Diane Rehm Show

The Russia-Ukraine Natural Gas Battle

Editor's Note: Following a dispute between Russia and Ukraine, Gazprom halted natural gas shipments through Ukraine, prompting shortages across Europe and growing calls of alarm. In an interview on the Diane Rehm Show, Clifford Gaddy discusses the essence of this dispute and the risks for Russia’s reputation.

Diane Rehm: From your perspective, explain the crux of this dispute.

Clifford Gaddy: The crux of the dispute is exactly what Stefan has described. If we limit ourselves to the formal issue of the pricing, Russia has a real case. There is, of course, no real reason economically why Russia should be asked to subsidize the delivery of natural gas to other countries, even on a slower schedule. You can raise the price whenever you want, and if these countries can't pay that high price immediately, they can borrow to pay that price. So Russia has a case. I think the real issue here is the way in which Russia is ultimately dealing with its Western European or the consumers of the gas that goes through Ukraine. And I think here, Russia has behaved in a way which legally may be fine. It may be legally correct. But I think in terms of as a business enterprise it's horrible the way they have treated their customers, because Russia has pledged to deliver a product, natural gas, to Western Europe. It is now blaming, if you like, a subcontractor, Ukraine, for interfering with this. Well I ask you, if you had contracted with someone to renovate your house, with certain things produced, and certain due dates, and all of a sudden the contractor comes back to you and says he can't do it because his plumber or his electrician is behaving badly, you don't accept that. He needs to deal, on his own, with the subcontractor, and the same thing goes for Russia with Ukraine. Its real responsibility is to the consumers in Western Europe and it's not living up to that and it's going to hurt its reputation tremendously.

Diane Rehm: So considering the ongoing difficulties between Russia and Ukraine, would you say that this could have been predicted, this current crisis?

Clifford Gaddy:

Something like this could have been predicted, undoubtedly. I think, Nicholas Burns is right in pointing out the political context of this, and the objections Russia has to Ukraine being a member of NATO. And I think it's really about NATO and not about the EU. You have to realize that Russia's, and I really should talk about Putin rather than Russia, Putin's obsession is to make Russia as independent as possible in its policy making. And it cannot be dependent on, especially, the West. He has achieved a financial independence from the West that was not there before by building up his huge foreign currency reserves and others. But if you look at the situation, Russia's great lever, in its foreign policy, is energy, as Thomas pointed out. But without control of pipelines, or the method by which you deliver that energy to the rest of the world, you're pretty hopeless. So Russia's real concern, I think, is about the pipelines through Ukraine and the prospect that the Russian flow of its main source of wealth, and therefore influence in the world, goes through a NATO member. That's unacceptable, and I believe that the Russians will, to the last breath, try to avoid that outcome, and that's really what I think this is about.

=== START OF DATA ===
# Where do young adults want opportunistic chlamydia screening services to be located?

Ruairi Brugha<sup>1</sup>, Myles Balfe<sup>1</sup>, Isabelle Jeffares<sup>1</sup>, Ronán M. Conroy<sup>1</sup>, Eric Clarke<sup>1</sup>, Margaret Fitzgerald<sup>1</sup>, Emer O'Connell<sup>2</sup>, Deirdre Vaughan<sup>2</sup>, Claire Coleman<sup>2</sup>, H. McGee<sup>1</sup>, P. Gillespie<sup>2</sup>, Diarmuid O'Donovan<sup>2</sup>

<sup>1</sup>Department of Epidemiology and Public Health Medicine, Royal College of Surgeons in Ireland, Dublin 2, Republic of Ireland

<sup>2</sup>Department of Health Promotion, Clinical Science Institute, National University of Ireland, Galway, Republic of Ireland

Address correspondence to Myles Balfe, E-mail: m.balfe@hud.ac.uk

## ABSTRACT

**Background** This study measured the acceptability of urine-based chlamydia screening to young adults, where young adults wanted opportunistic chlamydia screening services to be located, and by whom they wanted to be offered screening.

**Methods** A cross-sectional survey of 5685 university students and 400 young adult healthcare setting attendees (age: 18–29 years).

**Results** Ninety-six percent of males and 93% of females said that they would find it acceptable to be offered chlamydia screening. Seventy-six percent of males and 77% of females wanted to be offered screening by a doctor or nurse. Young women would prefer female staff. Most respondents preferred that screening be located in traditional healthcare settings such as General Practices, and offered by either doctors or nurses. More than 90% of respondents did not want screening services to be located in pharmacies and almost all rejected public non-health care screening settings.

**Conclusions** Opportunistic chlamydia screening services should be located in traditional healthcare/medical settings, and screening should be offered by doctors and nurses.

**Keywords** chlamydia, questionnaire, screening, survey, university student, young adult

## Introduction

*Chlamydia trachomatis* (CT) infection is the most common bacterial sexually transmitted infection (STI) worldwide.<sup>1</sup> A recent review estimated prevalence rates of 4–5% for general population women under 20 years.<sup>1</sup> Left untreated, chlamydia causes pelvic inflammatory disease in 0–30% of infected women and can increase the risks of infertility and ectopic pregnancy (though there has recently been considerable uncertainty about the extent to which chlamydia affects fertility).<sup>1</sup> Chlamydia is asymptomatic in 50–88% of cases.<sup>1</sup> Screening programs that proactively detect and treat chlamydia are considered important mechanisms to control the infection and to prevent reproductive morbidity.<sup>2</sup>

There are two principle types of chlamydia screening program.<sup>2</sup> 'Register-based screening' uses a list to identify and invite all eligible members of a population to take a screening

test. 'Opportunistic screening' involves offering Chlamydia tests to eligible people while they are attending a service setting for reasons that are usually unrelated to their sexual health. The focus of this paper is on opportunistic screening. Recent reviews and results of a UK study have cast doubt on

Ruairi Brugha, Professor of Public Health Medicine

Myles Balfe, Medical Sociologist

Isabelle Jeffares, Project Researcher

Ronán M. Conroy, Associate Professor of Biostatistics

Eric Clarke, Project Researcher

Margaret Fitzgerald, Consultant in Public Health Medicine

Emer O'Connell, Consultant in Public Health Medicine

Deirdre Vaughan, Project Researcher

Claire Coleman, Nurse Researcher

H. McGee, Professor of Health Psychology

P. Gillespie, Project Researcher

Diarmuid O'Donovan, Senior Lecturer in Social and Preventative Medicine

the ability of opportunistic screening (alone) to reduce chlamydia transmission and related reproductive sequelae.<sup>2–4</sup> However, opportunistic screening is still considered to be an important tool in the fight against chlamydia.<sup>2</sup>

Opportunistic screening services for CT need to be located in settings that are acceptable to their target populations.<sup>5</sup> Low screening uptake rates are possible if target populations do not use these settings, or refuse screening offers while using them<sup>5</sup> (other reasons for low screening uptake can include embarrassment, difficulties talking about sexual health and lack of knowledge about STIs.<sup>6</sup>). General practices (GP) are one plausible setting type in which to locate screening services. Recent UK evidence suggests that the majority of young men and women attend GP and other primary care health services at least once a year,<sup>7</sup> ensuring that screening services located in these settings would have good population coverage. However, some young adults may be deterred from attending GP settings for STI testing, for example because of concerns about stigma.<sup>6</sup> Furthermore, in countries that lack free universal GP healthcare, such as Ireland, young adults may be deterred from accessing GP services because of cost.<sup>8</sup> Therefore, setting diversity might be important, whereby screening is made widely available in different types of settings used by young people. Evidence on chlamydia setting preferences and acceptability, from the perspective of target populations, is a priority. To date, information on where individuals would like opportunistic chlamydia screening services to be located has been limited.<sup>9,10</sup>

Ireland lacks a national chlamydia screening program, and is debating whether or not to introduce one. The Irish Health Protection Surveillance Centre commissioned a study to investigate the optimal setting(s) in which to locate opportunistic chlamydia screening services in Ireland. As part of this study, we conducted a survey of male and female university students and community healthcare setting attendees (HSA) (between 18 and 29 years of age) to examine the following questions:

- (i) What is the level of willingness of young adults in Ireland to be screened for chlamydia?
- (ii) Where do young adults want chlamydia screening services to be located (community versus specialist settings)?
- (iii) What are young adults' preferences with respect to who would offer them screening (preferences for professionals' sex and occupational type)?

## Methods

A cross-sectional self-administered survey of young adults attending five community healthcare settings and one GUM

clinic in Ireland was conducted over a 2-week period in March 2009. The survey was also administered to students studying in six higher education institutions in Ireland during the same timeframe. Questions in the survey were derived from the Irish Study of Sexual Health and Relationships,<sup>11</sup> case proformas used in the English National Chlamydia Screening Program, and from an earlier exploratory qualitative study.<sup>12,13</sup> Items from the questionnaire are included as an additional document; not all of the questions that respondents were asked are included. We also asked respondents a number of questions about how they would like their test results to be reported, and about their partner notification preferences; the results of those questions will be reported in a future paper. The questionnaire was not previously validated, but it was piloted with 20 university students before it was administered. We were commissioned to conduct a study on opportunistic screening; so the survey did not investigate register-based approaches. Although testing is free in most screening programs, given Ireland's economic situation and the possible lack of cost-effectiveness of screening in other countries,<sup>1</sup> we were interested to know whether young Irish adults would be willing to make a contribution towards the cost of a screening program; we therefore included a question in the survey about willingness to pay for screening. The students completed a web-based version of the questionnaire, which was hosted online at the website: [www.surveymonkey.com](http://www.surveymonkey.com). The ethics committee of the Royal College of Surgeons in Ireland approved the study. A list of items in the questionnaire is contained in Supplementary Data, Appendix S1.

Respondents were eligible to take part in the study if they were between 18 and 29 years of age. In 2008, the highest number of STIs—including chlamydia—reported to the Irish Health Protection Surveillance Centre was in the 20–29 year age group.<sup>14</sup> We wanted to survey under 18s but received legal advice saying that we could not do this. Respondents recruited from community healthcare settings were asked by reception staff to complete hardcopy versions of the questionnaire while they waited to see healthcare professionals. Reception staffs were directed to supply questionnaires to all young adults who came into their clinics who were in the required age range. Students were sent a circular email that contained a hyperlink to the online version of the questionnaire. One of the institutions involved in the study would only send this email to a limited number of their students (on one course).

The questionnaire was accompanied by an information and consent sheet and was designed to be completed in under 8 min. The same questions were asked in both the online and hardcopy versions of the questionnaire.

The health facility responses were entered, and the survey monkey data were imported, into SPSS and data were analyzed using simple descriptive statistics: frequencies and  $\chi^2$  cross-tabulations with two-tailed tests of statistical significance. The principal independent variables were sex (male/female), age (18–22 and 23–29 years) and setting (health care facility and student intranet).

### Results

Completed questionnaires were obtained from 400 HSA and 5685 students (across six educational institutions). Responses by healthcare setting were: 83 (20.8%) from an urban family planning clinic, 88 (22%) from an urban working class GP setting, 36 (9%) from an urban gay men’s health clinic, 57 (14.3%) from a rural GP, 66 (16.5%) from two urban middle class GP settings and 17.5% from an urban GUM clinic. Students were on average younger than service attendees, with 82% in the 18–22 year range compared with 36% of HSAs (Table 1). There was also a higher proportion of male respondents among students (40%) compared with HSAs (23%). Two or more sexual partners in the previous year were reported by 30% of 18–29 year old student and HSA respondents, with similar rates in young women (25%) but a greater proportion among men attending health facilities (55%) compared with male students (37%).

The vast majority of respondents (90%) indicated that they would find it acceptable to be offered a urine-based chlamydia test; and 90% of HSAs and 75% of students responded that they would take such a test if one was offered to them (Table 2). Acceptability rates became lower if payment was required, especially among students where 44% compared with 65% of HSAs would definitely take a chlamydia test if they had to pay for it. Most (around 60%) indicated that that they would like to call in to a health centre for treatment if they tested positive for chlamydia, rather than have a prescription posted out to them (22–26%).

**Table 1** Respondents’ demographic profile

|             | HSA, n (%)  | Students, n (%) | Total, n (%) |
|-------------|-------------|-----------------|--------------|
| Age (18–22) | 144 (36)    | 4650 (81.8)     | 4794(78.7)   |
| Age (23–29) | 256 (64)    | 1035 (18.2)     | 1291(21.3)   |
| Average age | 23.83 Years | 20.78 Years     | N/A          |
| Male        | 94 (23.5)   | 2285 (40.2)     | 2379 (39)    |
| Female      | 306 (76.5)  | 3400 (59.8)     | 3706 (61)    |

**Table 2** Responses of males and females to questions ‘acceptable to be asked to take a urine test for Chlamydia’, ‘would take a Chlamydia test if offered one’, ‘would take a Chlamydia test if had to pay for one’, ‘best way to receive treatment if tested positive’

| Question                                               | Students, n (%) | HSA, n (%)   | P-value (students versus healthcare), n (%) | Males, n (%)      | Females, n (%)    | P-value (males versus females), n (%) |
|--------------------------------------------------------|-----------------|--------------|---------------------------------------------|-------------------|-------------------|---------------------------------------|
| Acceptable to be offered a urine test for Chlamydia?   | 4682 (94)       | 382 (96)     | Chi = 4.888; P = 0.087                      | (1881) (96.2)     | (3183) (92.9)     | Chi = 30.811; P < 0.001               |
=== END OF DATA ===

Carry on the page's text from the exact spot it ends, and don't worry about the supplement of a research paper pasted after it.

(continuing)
Diane Rehm:

What could this mean as far as prices of energy, not only in Eastern/Western Europe, but around the world?

Clifford Gaddy: It will have only minimal effects, if any at all, on the global energy situation. The price of natural gas globally – there is no single world price, but it's determined specifically in contracts between suppliers and producers, this is in contrast to the situation with oil. And in fact, the natural gas price tends to be linked to the world oil price, though with a lag. So it doesn't react day by day, as we see with the oil prices. So you could say that, in general, any impact on any energy consumption ultimately might affect the world oil price in some indirect way. But it's a very small effect, if at all, and it will only play out over time.

Listen to the full interview »